Mix work, play while doing business in Iceland
I was amazed when a colleague told me that nearly every member of Iceland's general population is listed in the phone book by his or her first name.
In fact, even though my source is a very good reporter, I didn't believe him.
Then I had the fleeting thought that perhaps this oddity occurs because everyone knows everyone else in Iceland. After all, we are talking about a tiny island country situated just a bit south of the Arctic Circle with a population of approximately 300,000.
Still, that's a lot of names.
So, I did some further research and found out my friend was right and I was wrong.
Apparently, the majority of Icelanders use this phone book practice to be, well, practical.
In Iceland, last names are patronymic, born from the combination of the person's father's first name and then paired with the Icelandic word for son or daughter. So, Dewitt, the son of Donald, would be dubbed Dewitt Donaldson and Cecilia, the daughter of Michael, would be known as Cecilia Michaeldottir.
In addition, women do not take their husband's name when they marry.
Talk about complicated.
However, other aspects of life in this land located in the North Atlantic Ocean between Greenland and Norway is far simpler. That said, here are some key customs to consider should your work take you to Reykjavik, the northernmost national capital in the world:
• Expect to have fun if you travel to Iceland for business because locals encourage visitors to mix work with play. So, while you might be expected to fit in the requisite number of meetings with a prospective client while you are there, you will also be expected to see the sights as well as interact in a number of social situations. In fact, taking part in the latter should help you establish a good (read: friendly) relationship with your Icelandic counterpart, something that will do wonders for your working relationship as well.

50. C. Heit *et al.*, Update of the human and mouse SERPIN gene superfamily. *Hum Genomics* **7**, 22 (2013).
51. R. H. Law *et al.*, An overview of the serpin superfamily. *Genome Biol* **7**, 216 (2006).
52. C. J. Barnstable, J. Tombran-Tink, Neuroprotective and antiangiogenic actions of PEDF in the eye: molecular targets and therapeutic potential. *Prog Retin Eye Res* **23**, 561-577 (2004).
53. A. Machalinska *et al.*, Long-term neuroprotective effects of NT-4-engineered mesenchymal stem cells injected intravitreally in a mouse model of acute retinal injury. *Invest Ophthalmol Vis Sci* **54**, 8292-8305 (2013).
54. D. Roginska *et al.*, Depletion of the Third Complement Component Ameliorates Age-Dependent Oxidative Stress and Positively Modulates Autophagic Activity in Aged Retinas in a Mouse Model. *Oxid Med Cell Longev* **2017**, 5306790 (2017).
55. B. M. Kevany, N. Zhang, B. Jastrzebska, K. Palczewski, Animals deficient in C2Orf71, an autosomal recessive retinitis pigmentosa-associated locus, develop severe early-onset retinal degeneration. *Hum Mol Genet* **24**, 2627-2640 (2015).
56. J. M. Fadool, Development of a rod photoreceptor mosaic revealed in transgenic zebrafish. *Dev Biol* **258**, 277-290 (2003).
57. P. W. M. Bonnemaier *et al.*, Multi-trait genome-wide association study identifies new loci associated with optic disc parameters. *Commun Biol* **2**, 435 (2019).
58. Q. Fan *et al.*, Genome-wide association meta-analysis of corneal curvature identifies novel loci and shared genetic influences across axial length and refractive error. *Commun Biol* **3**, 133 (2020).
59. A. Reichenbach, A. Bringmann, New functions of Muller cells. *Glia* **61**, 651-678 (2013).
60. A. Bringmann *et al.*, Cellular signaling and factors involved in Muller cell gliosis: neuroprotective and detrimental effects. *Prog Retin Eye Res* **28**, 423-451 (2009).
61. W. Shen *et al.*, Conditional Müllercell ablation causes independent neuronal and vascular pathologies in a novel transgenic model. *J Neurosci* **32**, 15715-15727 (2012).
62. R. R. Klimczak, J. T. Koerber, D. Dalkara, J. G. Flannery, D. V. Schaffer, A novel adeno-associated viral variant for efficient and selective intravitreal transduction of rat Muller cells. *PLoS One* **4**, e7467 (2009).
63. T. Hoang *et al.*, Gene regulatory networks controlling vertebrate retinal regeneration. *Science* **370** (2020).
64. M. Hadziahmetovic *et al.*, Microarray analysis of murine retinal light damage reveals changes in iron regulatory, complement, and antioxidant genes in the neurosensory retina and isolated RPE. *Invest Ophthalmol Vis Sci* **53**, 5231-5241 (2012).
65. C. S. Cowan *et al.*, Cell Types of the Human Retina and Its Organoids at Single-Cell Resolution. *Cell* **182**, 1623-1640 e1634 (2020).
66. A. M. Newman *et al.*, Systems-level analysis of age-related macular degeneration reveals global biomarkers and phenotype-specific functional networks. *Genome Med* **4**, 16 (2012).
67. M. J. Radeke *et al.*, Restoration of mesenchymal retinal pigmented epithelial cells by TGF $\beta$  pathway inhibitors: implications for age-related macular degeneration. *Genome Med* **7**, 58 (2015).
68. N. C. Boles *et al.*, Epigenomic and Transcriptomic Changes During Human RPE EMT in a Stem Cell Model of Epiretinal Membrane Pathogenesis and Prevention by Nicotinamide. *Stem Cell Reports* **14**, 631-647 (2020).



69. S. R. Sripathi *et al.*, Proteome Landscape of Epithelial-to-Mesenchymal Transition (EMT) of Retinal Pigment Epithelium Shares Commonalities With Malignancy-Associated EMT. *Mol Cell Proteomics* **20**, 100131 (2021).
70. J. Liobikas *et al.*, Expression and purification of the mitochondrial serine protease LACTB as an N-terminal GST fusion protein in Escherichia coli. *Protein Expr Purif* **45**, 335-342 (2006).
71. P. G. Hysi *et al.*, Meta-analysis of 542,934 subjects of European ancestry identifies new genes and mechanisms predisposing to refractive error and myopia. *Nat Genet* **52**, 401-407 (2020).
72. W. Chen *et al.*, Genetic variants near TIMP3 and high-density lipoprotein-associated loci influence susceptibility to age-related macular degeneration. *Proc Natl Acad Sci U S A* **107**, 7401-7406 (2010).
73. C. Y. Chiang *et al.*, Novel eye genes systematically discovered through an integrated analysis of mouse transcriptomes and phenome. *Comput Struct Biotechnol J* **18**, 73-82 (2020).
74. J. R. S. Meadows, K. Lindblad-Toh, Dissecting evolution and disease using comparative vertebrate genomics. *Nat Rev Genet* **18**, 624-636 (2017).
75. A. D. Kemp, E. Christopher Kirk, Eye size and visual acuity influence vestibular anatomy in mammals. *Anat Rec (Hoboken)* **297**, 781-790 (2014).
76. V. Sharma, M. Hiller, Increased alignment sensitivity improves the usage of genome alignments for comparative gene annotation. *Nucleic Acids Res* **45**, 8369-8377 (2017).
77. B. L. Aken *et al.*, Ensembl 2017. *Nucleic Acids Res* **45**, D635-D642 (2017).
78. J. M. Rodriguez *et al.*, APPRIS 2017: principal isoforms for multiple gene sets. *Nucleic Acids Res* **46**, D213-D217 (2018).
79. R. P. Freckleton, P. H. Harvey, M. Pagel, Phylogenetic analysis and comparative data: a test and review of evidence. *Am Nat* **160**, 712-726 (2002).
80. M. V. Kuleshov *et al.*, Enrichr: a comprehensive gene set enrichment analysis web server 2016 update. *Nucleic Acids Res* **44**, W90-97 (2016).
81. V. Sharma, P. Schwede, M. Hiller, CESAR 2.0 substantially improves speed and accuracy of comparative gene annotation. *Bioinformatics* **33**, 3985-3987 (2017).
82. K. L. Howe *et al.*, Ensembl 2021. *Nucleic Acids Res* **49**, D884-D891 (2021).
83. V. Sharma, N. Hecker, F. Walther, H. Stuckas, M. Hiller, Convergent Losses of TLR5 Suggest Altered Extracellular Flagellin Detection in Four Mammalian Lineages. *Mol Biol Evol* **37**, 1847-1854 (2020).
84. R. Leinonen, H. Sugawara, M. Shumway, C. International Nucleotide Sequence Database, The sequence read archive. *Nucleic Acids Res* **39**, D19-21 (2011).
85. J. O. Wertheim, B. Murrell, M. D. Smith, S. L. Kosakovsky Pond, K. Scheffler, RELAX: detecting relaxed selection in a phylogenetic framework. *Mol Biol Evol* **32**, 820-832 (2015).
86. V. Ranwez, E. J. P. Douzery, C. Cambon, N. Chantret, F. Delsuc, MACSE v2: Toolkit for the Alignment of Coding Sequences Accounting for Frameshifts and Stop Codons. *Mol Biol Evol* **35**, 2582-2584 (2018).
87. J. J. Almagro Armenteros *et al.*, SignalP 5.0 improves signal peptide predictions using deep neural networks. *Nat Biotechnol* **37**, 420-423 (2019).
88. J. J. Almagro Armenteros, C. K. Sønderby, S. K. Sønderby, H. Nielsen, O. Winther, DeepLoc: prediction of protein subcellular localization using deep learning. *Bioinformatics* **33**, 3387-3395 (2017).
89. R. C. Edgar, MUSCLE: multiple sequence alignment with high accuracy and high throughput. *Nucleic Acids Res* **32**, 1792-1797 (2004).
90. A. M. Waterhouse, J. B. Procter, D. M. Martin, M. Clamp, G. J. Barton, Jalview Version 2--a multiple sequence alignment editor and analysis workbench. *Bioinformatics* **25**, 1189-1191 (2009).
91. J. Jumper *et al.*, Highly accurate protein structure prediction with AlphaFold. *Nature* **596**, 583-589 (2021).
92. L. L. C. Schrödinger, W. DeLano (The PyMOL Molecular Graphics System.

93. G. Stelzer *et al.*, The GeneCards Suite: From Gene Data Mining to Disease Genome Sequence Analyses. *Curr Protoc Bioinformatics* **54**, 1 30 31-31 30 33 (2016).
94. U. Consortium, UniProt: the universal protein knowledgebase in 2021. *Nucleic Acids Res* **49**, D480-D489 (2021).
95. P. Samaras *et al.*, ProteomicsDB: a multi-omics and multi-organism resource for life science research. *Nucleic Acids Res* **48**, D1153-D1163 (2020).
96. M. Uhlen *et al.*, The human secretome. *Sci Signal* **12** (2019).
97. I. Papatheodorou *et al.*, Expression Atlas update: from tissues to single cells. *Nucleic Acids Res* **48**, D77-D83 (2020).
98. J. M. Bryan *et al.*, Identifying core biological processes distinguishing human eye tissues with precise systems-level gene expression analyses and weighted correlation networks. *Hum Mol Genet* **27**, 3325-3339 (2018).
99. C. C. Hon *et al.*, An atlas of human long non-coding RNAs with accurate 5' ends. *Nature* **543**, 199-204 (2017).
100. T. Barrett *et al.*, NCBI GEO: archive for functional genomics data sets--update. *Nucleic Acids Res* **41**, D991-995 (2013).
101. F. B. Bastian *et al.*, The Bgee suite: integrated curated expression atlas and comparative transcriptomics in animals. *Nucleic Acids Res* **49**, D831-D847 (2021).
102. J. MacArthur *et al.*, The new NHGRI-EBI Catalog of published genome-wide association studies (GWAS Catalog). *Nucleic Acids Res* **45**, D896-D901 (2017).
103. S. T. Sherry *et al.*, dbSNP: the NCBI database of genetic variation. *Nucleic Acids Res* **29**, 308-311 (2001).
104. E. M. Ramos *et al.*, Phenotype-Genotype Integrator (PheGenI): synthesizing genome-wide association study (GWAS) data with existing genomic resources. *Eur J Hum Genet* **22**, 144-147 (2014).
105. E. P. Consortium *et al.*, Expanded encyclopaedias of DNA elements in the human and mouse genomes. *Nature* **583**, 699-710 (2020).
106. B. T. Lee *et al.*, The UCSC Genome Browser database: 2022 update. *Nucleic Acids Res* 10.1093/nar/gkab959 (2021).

• If your travel to Reykjavik is planned for the summer and you expect to entertain a prospective client while you are there, book your restaurant in advance since tables might be hard to find if you wait until the last minute. The same holds true for finding a place to stay at this time of the year because hotel rooms fill up fast during June, July and August.
• It is OK to talk turkey over dinner with an Icelandic counterpart unless you have been invited to dine with your spouse in tow. Then the conversation should be kept off of business and on to anything else that comes to mind, from family and fashion to travel and food trends.
• When you do get down to business, expect an informal atmosphere but also expect to be fully prepared for the work at hand. Also keep in mind that there is a good chance that the person with whom you will be meeting will also be the person who will make the final decision in deciding the fate of your working relationship.
• Meetings, planned in advance, should be straightforward and to the point. Be clear and concise about what it is you are proposing.
• Finally, when getting ready for your trip to Iceland, be sure to pack the way you would if you were heading for a Western European country -- Sweden, for instance -- where going out on the town means wearing your Sunday best. People who live in Iceland generally enjoy gussying up for an evening of enjoyment and so you should definitely follow suit (pun intended).